Preferred filter materials of another of the filter segments normally include fibrous materials. An example of a suitable filter material is a gathered nonwoven polypropylene web. A particularly preferred nonwoven polypropylene sheet-like web is available as PP-100-F from Kimberly-Clark Corp. Another example of a suitable filter material is a cellulose acetate tow. Particularly preferred cellulose acetate tow items include (i) 8 denier per filament/40,000 total denier, and (ii) 8 denier per filament/15,000 total denier, (iii) 8 denier per filament/25,000 total denier, and (iv) 8 denier per filament/30,000 total denier. Plasticizers, such as triacetin, propylene glycol or triethyl citrate, can be combined with the filler materials.

Another filter segment can have a filter material in the form of a gathered web of nonwoven thermoplastic (i.e., hydrophobic) fibers in intimate contact with a water soluble tobacco extract so as to provide an extract-containing filter material. A highly preferred web is a nonwoven web of polypropylene fibers available as PP 200 SD from Kimberly-Clark Corp. Exemplary filter segments and filter elements are described in U.S. patent application Ser. Nos. 414,835, filed Sep. 29, 1989 and 518,597, filed May 3, 1990. Such segments can provide enhanced flavor characteristics to the mainstream smoke which passes therethrough.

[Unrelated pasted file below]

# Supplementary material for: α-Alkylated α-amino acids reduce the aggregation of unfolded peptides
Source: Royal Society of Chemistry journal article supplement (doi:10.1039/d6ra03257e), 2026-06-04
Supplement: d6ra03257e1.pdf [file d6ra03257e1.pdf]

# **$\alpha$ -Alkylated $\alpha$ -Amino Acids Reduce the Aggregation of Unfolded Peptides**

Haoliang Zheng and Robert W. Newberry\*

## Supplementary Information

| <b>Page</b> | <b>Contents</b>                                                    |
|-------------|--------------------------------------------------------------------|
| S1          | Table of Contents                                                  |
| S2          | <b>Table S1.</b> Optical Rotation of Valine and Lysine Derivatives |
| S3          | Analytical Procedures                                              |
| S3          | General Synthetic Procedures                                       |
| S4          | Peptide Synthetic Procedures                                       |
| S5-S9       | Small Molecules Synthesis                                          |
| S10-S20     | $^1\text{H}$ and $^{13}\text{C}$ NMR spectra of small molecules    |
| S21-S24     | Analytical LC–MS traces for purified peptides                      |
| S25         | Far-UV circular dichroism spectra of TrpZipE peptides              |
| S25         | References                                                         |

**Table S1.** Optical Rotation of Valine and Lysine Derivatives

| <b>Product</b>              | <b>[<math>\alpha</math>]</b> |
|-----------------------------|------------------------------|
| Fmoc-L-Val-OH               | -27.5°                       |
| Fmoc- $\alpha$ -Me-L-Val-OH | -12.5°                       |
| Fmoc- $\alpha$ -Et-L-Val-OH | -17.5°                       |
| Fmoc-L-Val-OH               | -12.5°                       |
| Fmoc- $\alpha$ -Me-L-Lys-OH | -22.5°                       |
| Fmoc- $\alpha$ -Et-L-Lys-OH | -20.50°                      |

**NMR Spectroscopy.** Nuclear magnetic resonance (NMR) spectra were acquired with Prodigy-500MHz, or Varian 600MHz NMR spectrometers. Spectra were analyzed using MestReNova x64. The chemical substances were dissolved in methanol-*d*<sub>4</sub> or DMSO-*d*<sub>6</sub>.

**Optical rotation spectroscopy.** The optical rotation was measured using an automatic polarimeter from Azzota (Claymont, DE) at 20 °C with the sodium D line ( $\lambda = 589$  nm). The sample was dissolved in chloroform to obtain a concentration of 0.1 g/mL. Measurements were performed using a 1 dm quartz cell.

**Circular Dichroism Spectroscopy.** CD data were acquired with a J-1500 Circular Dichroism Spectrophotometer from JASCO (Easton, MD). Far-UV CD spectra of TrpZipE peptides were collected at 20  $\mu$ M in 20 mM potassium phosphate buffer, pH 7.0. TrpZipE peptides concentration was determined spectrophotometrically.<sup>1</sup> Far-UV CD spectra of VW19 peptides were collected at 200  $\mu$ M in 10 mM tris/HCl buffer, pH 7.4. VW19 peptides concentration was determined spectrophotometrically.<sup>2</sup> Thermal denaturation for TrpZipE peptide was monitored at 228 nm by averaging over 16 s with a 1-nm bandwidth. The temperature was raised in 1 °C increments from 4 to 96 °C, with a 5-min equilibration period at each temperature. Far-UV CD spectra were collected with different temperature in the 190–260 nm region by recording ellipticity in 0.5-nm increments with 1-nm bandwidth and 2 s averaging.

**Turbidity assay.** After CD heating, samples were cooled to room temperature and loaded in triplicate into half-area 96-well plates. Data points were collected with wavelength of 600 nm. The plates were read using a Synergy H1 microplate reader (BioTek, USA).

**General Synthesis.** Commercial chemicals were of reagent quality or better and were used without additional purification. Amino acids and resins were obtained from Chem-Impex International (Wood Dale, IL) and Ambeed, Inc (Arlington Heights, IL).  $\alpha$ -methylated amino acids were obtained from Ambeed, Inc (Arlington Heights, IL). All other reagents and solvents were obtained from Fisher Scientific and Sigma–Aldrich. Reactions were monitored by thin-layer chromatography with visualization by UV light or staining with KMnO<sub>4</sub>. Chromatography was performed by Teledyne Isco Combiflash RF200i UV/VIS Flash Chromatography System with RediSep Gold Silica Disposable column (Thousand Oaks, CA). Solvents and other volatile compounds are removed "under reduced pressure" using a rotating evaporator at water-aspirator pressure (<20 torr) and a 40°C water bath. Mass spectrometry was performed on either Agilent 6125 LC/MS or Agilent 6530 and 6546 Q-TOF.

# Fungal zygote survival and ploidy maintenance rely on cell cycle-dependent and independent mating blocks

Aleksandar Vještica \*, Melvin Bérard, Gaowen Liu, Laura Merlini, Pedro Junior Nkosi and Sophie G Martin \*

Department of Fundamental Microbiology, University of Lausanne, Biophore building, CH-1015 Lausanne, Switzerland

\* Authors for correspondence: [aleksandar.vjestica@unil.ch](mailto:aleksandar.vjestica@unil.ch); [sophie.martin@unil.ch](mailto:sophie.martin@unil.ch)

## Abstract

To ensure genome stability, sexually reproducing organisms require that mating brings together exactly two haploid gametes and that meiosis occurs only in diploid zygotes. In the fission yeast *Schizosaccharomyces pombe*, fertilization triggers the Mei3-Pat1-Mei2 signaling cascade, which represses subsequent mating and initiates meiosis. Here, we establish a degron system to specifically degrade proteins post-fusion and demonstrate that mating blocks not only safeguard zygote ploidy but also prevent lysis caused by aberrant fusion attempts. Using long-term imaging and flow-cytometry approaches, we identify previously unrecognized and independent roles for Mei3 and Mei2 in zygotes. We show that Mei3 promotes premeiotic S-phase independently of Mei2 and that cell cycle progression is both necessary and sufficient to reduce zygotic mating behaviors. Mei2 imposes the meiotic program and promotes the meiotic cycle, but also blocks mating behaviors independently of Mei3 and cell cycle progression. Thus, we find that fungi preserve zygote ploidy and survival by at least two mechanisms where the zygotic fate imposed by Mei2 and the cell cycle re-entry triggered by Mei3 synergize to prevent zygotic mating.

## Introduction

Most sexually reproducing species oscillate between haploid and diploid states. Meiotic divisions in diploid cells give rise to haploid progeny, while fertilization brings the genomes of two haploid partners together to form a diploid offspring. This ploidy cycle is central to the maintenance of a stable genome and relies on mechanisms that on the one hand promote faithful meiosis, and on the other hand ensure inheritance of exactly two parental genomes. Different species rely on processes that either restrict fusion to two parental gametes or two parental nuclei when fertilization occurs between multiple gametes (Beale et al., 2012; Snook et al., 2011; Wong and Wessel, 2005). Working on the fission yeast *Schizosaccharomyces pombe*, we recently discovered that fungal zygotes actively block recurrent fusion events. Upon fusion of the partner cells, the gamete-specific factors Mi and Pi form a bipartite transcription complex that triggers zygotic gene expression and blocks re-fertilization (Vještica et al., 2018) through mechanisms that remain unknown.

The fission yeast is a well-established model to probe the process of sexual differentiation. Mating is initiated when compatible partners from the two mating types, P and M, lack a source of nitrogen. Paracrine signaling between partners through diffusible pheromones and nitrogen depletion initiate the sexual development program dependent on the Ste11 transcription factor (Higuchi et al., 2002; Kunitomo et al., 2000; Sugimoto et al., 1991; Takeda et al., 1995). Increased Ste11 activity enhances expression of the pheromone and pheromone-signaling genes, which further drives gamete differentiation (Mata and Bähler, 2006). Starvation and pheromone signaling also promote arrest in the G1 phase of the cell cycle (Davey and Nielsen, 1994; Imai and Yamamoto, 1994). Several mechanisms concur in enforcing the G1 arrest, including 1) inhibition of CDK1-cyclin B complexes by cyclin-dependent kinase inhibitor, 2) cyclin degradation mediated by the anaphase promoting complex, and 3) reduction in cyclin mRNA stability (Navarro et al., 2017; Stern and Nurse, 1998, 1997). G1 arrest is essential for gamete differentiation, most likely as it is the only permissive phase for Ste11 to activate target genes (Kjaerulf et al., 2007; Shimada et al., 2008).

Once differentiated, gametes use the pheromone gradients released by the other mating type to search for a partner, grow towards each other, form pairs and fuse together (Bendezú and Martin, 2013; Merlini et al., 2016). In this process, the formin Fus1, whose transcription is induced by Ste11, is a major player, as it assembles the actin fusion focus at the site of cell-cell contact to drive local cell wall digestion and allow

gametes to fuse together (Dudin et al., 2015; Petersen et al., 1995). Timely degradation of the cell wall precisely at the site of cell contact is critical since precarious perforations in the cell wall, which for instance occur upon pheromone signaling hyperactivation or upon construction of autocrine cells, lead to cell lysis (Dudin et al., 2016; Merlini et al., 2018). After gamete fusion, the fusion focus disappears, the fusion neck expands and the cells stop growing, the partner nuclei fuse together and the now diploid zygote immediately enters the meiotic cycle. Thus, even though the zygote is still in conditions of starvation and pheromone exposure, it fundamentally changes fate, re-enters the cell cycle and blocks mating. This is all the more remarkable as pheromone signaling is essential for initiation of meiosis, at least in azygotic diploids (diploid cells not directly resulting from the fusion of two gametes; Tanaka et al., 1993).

Yet another filter segment can include a tobacco paper material as the filter material. For example, a filter material can have the form of a gathered web of tobacco paper available as P-144-B from Kimberly-Clark Corp.

The filter element segments suitable for use in this invention can be manufactured using known cigarette filter making techniques. Filter elements can be manufactured from cellulose acetate tow using known techniques. Filter elements can be manufactured from carbon paper, tobacco paper and a sheet-like nonwoven polypropylene web using filter making techniques described in U.S. Pat. No. 4,807,809 to Pryor et al, which is incorporated herein by reference. Alternatively, particles of charcoal or activated carbon can be incorporated into the filter element using a so-called "triple filter" configuration by positioning the particles between two segments of suitable filter materials.